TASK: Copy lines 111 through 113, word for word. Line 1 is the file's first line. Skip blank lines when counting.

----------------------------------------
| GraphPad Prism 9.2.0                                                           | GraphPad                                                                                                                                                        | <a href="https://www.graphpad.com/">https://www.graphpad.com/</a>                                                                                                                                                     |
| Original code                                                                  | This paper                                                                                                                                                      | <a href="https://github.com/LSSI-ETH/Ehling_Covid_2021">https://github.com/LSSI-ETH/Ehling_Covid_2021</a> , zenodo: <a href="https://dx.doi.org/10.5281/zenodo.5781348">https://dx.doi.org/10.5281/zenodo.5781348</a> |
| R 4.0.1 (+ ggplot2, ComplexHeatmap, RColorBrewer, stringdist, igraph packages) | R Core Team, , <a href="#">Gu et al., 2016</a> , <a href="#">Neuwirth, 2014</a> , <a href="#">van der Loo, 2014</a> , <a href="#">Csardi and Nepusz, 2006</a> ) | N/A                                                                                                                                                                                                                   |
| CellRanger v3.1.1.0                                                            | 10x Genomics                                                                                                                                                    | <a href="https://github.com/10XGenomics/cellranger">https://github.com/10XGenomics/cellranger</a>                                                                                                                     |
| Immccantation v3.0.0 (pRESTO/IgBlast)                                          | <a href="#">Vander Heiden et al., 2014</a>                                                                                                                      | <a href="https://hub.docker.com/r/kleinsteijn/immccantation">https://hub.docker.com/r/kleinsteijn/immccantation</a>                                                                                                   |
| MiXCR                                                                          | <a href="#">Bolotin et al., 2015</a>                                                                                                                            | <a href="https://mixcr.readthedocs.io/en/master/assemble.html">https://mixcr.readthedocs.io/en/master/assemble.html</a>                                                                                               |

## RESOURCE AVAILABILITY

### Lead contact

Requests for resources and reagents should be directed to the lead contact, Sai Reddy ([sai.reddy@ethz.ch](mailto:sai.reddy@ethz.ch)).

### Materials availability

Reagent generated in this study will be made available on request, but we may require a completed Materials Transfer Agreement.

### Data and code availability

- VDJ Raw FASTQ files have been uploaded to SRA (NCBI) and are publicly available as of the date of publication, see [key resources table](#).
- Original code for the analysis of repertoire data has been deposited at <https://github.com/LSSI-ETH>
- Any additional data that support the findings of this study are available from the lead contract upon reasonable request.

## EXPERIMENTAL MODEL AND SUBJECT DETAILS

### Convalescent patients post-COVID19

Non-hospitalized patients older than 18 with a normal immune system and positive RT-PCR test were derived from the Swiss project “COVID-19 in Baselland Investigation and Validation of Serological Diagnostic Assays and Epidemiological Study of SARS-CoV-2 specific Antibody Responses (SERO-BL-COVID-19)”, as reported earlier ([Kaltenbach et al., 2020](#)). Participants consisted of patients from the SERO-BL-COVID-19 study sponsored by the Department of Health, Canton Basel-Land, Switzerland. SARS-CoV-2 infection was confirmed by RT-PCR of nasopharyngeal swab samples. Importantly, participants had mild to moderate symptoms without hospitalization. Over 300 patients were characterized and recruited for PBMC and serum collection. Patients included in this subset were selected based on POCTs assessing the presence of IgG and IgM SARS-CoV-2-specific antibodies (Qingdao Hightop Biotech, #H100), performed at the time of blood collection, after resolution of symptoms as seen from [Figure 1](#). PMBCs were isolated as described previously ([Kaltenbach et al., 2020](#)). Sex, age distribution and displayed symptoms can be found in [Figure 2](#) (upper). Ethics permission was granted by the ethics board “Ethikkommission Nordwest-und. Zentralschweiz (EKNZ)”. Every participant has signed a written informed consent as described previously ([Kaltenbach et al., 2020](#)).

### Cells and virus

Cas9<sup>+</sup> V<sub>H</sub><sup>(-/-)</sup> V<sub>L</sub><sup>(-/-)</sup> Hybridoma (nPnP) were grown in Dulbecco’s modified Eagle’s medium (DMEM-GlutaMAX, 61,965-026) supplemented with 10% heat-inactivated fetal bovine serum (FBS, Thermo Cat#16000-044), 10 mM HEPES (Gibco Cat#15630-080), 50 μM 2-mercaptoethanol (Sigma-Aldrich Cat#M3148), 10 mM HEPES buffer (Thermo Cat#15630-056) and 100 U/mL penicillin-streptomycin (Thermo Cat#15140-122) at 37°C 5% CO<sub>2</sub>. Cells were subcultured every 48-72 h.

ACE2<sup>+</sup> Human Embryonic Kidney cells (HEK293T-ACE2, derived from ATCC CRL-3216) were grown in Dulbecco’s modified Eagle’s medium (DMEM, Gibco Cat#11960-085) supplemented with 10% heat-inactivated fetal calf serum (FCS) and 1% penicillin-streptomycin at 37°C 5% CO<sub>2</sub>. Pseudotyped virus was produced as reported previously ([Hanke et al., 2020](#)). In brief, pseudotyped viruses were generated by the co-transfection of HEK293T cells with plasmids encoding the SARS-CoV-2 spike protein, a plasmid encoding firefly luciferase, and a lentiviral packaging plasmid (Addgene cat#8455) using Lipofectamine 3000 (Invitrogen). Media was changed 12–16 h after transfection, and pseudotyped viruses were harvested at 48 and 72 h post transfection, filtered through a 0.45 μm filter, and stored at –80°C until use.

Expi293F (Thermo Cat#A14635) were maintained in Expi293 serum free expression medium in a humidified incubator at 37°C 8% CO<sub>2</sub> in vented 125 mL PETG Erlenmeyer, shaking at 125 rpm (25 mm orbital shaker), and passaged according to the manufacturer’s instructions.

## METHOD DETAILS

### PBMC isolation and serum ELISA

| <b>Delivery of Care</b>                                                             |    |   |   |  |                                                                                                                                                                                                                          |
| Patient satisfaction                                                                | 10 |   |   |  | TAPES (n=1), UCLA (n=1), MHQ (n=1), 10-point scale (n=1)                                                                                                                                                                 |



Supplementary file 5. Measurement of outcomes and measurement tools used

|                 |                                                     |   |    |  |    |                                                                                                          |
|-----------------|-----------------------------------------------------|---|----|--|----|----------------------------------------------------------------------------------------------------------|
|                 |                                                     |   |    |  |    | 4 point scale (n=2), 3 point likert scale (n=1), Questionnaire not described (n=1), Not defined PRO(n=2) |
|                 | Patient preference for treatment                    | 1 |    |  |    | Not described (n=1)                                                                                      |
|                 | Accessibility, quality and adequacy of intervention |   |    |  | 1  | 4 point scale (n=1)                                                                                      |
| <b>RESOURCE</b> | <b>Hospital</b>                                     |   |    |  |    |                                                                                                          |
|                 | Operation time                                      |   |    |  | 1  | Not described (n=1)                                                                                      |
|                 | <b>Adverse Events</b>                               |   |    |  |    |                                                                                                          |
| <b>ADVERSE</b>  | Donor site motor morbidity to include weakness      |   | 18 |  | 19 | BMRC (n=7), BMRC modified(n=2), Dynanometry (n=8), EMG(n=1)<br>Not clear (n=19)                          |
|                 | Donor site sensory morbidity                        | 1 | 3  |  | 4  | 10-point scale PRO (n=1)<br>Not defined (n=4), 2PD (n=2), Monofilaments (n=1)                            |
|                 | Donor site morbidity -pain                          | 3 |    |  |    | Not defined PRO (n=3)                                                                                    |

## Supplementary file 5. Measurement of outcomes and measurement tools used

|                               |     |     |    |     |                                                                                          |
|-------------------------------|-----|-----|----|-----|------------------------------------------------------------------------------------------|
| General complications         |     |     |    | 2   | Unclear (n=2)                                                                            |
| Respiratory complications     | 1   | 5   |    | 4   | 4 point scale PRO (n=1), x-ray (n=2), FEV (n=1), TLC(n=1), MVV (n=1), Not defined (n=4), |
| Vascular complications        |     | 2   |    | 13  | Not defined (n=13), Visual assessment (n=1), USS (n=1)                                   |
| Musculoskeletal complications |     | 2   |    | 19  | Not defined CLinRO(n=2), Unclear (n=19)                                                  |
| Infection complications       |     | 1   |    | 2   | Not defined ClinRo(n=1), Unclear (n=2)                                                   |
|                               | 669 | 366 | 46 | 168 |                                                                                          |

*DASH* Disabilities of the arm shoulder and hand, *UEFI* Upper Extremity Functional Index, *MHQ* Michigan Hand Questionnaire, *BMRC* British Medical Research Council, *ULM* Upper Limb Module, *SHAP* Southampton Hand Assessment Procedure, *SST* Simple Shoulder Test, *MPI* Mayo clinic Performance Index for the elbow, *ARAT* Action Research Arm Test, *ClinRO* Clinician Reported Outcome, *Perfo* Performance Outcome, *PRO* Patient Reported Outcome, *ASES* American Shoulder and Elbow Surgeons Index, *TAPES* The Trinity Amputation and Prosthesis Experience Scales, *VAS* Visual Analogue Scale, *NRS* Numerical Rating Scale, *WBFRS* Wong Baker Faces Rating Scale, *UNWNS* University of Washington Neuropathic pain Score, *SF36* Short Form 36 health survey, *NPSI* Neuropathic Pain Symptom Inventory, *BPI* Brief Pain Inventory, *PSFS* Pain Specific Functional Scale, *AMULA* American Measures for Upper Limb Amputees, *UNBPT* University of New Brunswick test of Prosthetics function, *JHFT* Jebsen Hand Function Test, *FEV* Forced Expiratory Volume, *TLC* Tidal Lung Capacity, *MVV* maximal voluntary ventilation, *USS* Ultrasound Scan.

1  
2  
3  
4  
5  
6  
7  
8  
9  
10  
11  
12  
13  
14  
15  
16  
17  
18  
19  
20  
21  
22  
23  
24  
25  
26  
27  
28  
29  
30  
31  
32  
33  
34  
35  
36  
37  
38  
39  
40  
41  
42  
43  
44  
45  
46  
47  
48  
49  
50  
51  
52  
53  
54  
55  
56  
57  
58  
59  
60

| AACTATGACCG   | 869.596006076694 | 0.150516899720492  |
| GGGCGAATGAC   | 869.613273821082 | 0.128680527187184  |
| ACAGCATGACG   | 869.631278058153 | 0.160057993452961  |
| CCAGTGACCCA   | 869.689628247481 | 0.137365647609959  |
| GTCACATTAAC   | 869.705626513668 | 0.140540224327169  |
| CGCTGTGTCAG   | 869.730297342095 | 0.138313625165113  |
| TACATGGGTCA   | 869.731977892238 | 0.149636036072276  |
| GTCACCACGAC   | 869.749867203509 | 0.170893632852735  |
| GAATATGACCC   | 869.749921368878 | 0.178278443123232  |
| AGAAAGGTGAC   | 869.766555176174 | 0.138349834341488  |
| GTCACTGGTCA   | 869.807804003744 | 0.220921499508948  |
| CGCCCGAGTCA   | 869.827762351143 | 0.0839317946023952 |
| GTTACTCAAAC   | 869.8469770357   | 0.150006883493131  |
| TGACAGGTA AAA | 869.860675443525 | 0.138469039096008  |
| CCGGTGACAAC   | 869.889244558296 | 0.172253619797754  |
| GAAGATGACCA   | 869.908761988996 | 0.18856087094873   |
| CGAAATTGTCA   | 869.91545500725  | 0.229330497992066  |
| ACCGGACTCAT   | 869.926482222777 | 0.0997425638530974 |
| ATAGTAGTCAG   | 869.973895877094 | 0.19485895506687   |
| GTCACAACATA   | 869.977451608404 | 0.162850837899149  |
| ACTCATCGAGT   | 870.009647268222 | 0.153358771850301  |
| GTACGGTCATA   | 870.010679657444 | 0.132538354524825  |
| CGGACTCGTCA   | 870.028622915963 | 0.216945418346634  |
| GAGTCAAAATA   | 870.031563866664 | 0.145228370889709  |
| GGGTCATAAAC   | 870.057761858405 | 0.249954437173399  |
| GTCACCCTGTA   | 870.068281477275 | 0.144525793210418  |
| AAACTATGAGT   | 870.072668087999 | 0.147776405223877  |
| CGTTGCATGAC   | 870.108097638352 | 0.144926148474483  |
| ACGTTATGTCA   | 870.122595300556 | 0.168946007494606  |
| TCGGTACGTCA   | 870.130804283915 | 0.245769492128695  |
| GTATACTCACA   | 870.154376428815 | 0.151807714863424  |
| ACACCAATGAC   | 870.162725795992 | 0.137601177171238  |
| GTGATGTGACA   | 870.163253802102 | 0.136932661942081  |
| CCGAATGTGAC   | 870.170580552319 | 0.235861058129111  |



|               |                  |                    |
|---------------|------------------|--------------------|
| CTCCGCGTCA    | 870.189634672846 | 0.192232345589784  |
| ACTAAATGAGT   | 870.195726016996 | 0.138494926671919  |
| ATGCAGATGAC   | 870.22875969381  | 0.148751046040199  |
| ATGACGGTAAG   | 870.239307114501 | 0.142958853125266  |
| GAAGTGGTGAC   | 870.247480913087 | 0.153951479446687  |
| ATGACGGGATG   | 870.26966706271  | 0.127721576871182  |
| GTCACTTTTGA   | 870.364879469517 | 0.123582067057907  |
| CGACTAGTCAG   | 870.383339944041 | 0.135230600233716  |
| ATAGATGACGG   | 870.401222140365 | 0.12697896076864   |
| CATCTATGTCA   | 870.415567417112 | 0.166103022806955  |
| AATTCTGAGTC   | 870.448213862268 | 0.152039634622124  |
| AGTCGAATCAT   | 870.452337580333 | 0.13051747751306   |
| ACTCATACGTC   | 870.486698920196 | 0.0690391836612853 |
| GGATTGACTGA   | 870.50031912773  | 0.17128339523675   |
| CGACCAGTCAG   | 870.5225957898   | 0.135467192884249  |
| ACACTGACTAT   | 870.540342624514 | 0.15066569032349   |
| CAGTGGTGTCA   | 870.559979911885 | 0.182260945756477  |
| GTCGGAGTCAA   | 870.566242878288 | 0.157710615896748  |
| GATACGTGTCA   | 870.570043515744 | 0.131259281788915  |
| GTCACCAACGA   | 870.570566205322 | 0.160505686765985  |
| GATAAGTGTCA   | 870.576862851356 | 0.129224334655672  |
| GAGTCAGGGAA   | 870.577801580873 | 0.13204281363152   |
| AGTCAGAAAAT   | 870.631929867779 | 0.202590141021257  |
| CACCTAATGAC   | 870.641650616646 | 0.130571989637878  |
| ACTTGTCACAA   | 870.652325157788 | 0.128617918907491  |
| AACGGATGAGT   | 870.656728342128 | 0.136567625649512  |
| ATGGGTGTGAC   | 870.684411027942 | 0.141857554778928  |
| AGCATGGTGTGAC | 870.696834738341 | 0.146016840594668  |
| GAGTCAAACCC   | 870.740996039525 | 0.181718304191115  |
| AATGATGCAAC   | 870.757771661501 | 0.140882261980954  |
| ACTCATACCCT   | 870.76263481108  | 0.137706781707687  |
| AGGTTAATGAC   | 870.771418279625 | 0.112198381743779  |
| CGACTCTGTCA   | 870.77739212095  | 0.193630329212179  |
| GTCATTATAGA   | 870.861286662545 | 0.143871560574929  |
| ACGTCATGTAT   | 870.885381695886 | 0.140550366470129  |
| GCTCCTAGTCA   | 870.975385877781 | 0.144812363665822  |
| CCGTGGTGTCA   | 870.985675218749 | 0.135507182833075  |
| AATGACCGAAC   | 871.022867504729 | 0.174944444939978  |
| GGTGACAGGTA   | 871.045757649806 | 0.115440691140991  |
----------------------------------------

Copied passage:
| ACAGCATGACG   | 869.631278058153 | 0.160057993452961  |
| CCAGTGACCCA   | 869.689628247481 | 0.137365647609959  |
| GTCACATTAAC   | 869.705626513668 | 0.140540224327169  |